Mercedes’ first mod­ern-era race-win­ner – the W03

The first of the new-era Sil­ver Ar­rows to hit its tar­get


Mercedes re­turned to For­mula 1 in 2010 af­ter a 55-year break, to high hopes all round. They took over the cham­pion Brawn GP team and lured seven-time world cham­pion Michael Schu­macher out of re­tire­ment to join the tal­ented Nico Ros­berg. Now all they needed was a car to make them win­ners again.

In truth, this long-awaited come­back didn’t bear fruit straight away, with only three podi­ums for Ros­berg in 2010 and none at all in 2011. De­spite their hugely ex­pe­ri­enced staff and the ad­van­tage of hav­ing their own en­gine plant in nearby Brix­worth, it was time to step per­for­mances up a notch.

Tak­ing ad­van­tage of a rel­a­tively sta­ble set of reg­u­la­tions, 2012’s Mercedes F1 W03 was largely based on the pre­vi­ous car, the MGP W02. There were, how­ever, two sig­nif­i­cant reg­u­la­tory changes that did af­fect the 2012 cars. The first of th­ese was a ban on blown dif­fusers, and the sec­ond, which would pro­foundly al­ter the look of the cars, was a change to the max­i­mum height of the front body­work. The lat­ter re­sulted in the dis­tinc­tive stepped-nose de­signs of nearly all of the cars, and Mercedes’ take on this was to fea­ture two bumps on ei­ther side of the front of the mono­coque to cre­ate smoother air­flow over the cen­tre­line of the car.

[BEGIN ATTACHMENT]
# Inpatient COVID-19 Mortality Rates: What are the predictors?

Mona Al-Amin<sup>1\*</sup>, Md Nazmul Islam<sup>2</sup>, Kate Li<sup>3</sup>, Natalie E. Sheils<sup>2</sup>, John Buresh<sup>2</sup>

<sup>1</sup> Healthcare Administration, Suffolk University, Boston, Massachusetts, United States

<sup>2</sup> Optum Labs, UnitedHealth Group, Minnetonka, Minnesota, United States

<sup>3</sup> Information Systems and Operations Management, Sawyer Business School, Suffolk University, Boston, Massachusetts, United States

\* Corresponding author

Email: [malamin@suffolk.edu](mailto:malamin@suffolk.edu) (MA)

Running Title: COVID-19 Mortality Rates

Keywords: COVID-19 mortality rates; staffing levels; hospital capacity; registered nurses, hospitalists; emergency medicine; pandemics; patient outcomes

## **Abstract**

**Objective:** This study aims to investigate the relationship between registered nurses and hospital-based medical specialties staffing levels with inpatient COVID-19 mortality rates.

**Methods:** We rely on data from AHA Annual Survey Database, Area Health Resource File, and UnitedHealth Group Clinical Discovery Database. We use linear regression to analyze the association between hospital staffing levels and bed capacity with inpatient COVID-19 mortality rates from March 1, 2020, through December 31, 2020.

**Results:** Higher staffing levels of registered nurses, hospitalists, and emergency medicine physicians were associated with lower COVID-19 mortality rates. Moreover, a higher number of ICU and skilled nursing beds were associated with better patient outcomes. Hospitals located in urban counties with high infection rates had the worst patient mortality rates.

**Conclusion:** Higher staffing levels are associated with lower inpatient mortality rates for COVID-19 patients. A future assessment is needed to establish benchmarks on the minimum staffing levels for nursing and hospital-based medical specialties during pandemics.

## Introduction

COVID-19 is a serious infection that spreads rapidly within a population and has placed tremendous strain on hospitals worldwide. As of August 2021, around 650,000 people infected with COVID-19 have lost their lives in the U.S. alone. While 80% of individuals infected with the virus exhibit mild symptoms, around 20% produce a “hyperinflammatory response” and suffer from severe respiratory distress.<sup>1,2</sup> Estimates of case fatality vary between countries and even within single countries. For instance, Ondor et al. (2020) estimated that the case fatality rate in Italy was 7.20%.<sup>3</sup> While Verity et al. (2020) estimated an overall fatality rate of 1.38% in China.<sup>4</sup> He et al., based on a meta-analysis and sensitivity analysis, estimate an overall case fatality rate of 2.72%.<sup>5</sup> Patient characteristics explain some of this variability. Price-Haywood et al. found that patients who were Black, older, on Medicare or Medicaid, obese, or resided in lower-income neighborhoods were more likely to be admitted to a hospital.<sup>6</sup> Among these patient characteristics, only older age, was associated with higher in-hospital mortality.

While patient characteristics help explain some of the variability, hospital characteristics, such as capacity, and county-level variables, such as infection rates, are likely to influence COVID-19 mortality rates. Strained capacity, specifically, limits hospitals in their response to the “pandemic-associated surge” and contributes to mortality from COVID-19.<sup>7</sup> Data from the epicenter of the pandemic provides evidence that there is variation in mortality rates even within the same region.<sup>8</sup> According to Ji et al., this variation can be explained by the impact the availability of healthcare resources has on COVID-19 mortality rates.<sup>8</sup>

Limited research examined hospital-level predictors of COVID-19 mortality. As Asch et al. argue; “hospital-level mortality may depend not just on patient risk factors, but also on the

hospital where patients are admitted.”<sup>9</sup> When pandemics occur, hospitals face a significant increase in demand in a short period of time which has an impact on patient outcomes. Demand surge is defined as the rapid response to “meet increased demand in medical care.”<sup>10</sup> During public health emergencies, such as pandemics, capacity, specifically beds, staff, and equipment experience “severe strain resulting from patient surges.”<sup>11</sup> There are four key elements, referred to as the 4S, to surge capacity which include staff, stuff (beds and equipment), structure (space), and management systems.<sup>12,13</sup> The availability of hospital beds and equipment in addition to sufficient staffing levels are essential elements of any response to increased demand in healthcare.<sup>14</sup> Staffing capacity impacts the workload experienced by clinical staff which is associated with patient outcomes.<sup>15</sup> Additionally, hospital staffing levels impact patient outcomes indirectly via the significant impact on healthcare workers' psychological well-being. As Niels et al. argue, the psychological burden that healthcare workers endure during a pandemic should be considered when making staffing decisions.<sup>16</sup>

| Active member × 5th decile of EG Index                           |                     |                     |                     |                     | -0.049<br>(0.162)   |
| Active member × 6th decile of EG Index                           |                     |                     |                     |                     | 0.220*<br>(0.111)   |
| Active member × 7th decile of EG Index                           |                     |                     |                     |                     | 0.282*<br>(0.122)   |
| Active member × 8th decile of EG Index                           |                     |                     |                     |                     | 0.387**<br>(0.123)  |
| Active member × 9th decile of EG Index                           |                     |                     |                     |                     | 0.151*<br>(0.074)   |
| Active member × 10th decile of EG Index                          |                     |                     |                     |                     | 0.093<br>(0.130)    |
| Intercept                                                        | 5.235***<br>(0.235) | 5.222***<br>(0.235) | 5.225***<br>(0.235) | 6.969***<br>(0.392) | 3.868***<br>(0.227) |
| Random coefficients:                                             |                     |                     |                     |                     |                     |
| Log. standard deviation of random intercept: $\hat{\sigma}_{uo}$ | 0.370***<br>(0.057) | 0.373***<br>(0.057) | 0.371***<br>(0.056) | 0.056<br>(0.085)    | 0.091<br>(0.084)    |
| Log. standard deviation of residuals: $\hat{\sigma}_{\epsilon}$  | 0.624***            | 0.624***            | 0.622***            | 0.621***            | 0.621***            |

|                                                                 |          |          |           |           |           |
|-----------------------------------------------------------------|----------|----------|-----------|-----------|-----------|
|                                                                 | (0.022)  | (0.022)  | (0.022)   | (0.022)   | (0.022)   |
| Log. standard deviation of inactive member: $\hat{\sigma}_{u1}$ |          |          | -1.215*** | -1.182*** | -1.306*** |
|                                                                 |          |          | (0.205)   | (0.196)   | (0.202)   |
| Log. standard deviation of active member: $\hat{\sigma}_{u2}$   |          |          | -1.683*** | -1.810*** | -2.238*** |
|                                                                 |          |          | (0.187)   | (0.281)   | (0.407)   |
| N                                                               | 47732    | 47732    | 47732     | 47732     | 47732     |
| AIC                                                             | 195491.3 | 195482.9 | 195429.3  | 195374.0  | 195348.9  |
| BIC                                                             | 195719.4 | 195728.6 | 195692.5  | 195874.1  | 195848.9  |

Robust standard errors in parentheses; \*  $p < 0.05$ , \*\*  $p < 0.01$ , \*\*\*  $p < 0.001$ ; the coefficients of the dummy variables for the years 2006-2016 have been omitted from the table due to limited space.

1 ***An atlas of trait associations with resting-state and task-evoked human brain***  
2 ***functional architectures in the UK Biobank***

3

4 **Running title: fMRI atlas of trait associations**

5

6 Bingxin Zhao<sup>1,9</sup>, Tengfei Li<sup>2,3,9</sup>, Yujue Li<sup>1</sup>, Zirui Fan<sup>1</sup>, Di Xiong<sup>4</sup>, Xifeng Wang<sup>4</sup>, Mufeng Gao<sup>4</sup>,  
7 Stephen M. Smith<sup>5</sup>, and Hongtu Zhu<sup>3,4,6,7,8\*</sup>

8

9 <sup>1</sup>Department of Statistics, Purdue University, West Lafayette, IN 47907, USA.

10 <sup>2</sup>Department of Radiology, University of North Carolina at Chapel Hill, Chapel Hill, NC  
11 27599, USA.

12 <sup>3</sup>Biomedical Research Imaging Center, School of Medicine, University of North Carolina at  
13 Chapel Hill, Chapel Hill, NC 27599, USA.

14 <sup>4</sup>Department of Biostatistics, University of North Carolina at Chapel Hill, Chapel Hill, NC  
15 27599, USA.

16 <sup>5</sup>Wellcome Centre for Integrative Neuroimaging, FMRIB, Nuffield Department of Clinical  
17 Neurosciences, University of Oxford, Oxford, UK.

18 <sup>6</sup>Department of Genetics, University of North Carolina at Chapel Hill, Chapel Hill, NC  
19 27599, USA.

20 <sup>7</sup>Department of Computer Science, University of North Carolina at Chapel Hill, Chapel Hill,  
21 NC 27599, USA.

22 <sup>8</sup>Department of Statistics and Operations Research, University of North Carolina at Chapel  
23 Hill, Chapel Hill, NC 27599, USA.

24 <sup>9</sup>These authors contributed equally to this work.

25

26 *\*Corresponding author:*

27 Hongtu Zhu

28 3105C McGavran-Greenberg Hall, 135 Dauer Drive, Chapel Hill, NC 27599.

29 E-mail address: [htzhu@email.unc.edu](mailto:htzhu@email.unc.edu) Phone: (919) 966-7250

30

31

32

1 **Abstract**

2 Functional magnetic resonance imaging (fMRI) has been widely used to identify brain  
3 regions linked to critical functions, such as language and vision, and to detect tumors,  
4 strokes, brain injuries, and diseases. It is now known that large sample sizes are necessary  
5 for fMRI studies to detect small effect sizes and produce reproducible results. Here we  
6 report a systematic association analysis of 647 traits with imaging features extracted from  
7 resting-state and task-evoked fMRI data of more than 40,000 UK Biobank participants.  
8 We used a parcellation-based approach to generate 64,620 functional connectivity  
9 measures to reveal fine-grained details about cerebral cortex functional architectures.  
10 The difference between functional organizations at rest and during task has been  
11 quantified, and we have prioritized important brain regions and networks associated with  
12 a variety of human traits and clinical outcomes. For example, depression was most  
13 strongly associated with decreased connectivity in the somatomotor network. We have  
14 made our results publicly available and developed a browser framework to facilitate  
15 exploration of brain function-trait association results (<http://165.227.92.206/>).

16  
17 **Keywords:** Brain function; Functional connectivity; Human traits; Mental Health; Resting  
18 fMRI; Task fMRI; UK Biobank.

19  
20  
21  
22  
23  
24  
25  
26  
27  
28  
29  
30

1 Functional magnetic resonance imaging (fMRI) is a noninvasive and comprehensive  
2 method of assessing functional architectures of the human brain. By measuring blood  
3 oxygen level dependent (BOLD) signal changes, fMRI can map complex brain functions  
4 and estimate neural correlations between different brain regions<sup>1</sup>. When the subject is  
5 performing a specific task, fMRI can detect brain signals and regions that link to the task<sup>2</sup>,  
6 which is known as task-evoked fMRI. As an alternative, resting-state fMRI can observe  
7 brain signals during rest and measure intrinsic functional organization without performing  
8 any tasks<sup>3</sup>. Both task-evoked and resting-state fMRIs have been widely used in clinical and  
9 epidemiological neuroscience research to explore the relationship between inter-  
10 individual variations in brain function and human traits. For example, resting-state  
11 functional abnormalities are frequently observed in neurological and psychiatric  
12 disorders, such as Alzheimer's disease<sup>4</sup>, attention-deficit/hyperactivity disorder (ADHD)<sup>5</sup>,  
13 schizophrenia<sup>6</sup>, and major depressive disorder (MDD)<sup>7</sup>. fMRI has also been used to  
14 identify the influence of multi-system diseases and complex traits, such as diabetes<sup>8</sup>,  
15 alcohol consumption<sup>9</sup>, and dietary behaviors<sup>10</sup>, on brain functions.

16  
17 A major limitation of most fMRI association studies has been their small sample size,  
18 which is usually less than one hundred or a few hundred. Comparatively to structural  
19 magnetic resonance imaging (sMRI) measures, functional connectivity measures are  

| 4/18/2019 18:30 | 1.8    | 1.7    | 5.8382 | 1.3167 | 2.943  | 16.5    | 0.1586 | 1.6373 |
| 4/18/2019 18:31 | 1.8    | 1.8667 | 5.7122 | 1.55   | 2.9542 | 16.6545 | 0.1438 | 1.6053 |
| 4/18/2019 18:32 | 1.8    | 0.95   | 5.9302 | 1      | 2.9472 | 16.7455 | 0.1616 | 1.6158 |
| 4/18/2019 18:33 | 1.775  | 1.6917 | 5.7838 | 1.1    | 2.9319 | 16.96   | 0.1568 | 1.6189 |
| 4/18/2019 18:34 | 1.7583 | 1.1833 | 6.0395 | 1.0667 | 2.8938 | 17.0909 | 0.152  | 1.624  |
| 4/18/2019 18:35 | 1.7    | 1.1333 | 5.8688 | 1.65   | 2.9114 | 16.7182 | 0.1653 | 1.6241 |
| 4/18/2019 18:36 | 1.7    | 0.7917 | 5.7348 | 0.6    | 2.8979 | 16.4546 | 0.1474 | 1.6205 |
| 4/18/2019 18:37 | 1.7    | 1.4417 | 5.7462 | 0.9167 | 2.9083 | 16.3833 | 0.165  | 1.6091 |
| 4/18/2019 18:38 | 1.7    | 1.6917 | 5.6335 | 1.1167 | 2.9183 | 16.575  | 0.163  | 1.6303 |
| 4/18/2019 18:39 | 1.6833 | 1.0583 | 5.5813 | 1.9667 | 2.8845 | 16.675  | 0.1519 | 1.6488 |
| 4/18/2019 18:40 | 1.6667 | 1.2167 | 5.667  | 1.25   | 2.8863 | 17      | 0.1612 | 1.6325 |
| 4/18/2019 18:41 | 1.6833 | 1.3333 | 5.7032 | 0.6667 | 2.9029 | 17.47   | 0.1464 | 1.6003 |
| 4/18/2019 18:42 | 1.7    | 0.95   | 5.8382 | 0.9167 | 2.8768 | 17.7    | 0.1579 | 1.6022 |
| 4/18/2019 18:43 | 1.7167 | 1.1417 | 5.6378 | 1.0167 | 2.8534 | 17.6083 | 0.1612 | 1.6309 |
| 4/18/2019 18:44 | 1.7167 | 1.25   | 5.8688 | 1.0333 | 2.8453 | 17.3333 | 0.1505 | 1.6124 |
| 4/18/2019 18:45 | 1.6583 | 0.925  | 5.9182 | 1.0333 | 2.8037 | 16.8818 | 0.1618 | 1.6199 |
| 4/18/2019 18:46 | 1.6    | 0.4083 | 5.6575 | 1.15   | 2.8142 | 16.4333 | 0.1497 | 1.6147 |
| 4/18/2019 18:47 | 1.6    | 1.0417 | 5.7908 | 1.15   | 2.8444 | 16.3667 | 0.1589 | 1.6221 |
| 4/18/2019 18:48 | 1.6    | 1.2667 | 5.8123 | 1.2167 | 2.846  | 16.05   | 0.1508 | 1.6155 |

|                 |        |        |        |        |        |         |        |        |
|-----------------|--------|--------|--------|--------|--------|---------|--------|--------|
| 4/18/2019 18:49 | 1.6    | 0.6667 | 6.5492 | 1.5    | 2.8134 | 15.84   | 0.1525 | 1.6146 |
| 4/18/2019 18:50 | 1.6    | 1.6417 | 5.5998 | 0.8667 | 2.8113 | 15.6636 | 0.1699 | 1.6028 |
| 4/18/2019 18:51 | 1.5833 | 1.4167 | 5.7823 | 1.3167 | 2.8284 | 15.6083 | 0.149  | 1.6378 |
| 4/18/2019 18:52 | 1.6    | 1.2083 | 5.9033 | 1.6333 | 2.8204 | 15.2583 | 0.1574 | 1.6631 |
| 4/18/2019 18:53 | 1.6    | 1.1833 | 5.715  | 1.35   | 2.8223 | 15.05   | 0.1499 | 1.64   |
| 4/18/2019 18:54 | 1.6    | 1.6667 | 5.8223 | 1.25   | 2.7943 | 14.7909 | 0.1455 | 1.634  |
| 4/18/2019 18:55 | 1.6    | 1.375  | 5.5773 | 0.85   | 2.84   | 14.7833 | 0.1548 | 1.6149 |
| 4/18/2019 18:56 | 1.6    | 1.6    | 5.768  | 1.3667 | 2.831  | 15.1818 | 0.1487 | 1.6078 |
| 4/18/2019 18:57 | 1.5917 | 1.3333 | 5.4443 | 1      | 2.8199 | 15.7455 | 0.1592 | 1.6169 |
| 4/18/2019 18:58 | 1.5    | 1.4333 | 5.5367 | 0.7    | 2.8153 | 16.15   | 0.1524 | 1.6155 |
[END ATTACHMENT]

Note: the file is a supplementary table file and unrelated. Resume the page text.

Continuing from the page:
Team prin­ci­pal Ross Brawn was con­fi­dent that the W03 was just what was needed. “Last year, we pro­duced a very bold car,” he ad­mit­ted. “Although its more rad­i­cal el­e­ments didn’t al­ways de­liver the re­sults we had hoped for, the ex­pe­ri­ence we gained has been in­valu­able to the de­sign of the 2012 car. The F1 W03 is also a more in­te­grated pack­age, which re­flects the ever-strength­en­ing ties be­tween our tech­ni­cal teams in Brack­ley and Brix­worth, and is tak­ing the next step for­ward in terms of on-track per­for­mance.”

Nico Ros­berg echoed this sen­ti­ment, say­ing: “Ev­ery­one is mo­ti­vated to get going, to im­prove the car, im­prove the team and get closer to the front. That is what we all want and there is a great drive to achieve that. Of course, podi­ums would be great. The tar­get is to move for­ward as a team though – that’s what is im­por­tant, and we are going to do that.”

Mercedes de­lib­er­ately chose not to take the W03 to the first pre-sea­son test at Jerez, to al­low more time to de­velop the car. How­ever, the team did test a tweak here and there on their 2011 car, which threat­ened to over­shadow the start of the sea­son. Their dou­ble-drs (drag re­duc­tion sys­tem) was one of th­ese. When ac­ti­vated by a driver, two aper­tures were cre­ated in the rear-wing end­plates and the high-pres­sure air cap­tured was fed through two pipes in the end­plates and back to the front wing. Air ex­ited through small slots be­neath the fron­twing el­e­ments with the pur­pose of stalling the front wing.